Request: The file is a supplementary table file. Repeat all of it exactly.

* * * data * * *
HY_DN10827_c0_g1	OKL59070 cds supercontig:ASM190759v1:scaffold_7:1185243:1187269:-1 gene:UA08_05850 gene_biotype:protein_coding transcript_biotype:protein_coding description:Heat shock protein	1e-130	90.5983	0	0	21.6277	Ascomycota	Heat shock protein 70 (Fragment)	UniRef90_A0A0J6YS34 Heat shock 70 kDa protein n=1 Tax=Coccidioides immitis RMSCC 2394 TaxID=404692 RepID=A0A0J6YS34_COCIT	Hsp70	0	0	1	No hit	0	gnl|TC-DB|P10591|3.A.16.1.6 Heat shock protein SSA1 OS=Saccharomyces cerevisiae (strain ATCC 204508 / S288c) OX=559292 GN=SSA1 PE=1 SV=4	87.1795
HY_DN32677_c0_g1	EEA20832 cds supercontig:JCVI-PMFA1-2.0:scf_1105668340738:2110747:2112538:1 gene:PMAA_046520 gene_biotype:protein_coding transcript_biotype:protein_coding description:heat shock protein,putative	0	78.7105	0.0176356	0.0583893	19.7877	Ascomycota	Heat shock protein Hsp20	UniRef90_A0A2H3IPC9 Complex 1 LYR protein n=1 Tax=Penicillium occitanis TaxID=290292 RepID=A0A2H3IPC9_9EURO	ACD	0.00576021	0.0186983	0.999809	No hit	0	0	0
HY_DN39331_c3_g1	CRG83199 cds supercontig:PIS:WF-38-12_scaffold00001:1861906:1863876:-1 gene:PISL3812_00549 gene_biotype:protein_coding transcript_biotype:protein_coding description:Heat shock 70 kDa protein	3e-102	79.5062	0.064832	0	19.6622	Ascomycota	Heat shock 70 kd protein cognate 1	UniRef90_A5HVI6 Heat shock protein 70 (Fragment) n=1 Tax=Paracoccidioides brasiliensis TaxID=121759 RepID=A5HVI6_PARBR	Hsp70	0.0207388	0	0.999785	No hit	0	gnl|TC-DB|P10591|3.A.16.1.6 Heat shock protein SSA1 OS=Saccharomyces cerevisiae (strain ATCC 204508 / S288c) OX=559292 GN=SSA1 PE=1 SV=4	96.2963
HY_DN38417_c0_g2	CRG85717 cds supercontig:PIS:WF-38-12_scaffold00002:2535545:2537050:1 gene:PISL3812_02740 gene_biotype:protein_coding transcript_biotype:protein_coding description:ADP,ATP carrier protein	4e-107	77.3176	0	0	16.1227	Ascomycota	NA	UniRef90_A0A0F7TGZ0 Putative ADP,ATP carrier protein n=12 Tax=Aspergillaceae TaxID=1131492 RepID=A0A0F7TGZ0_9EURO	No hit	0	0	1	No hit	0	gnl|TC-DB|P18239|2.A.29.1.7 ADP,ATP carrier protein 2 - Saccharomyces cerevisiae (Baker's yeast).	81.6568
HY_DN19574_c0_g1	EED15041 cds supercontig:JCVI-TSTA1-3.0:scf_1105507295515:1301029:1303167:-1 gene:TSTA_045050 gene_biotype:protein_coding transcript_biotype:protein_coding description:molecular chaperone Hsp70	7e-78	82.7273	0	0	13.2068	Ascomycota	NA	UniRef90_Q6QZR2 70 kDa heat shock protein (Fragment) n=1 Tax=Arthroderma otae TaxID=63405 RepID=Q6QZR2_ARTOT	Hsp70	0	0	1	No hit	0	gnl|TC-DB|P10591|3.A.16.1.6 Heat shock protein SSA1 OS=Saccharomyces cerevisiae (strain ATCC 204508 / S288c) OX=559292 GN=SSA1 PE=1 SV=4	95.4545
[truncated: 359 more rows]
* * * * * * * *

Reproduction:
HY_DN10827_c0_g1	OKL59070 cds supercontig:ASM190759v1:scaffold_7:1185243:1187269:-1 gene:UA08_05850 gene_biotype:protein_coding transcript_biotype:protein_coding description:Heat shock protein	1e-130	90.5983	0	0	21.6277	Ascomycota	Heat shock protein 70 (Fragment)	UniRef90_A0A0J6YS34 Heat shock 70 kDa protein n=1 Tax=Coccidioides immitis RMSCC 2394 TaxID=404692 RepID=A0A0J6YS34_COCIT	Hsp70	0	0	1	No hit	0	gnl|TC-DB|P10591|3.A.16.1.6 Heat shock protein SSA1 OS=Saccharomyces cerevisiae (strain ATCC 204508 / S288c) OX=559292 GN=SSA1 PE=1 SV=4	87.1795
HY_DN32677_c0_g1	EEA20832 cds supercontig:JCVI-PMFA1-2.0:scf_1105668340738:2110747:2112538:1 gene:PMAA_046520 gene_biotype:protein_coding transcript_biotype:protein_coding description:heat shock protein,putative	0	78.7105	0.0176356	0.0583893	19.7877	Ascomycota	Heat shock protein Hsp20	UniRef90_A0A2H3IPC9 Complex 1 LYR protein n=1 Tax=Penicillium occitanis TaxID=290292 RepID=A0A2H3IPC9_9EURO	ACD	0.00576021	0.0186983	0.999809	No hit	0	0	0
HY_DN39331_c3_g1	CRG83199 cds supercontig:PIS:WF-38-12_scaffold00001:1861906:1863876:-1 gene:PISL3812_00549 gene_biotype:protein_coding transcript_biotype:protein_coding description:Heat shock 70 kDa protein	3e-102	79.5062	0.064832	0	19.6622	Ascomycota	Heat shock 70 kd protein cognate 1	UniRef90_A5HVI6 Heat shock protein 70 (Fragment) n=1 Tax=Paracoccidioides brasiliensis TaxID=121759 RepID=A5HVI6_PARBR	Hsp70	0.0207388	0	0.999785	No hit	0	gnl|TC-DB|P10591|3.A.16.1.6 Heat shock protein SSA1 OS=Saccharomyces cerevisiae (strain ATCC 204508 / S288c) OX=559292 GN=SSA1 PE=1 SV=4	96.2963
HY_DN38417_c0_g2	CRG85717 cds supercontig:PIS:WF-38-12_scaffold00002:2535545:2537050:1 gene:PISL3812_02740 gene_biotype:protein_coding transcript_biotype:protein_coding description:ADP,ATP carrier protein	4e-107	77.3176	0	0	16.1227	Ascomycota	NA	UniRef90_A0A0F7TGZ0 Putative ADP,ATP carrier protein n=12 Tax=Aspergillaceae TaxID=1131492 RepID=A0A0F7TGZ0_9EURO	No hit	0	0	1	No hit	0	gnl|TC-DB|P18239|2.A.29.1.7 ADP,ATP carrier protein 2 - Saccharomyces cerevisiae (Baker's yeast).	81.6568
HY_DN19574_c0_g1	EED15041 cds supercontig:JCVI-TSTA1-3.0:scf_1105507295515:1301029:1303167:-1 gene:TSTA_045050 gene_biotype:protein_coding transcript_biotype:protein_coding description:molecular chaperone Hsp70	7e-78	82.7273	0	0	13.2068	Ascomycota	NA	UniRef90_Q6QZR2 70 kDa heat shock protein (Fragment) n=1 Tax=Arthroderma otae TaxID=63405 RepID=Q6QZR2_ARTOT	Hsp70	0	0	1	No hit	0	gnl|TC-DB|P10591|3.A.16.1.6 Heat shock protein SSA1 OS=Saccharomyces cerevisiae (strain ATCC 204508 / S288c) OX=559292 GN=SSA1 PE=1 SV=4	95.4545
[truncated: 359 more rows]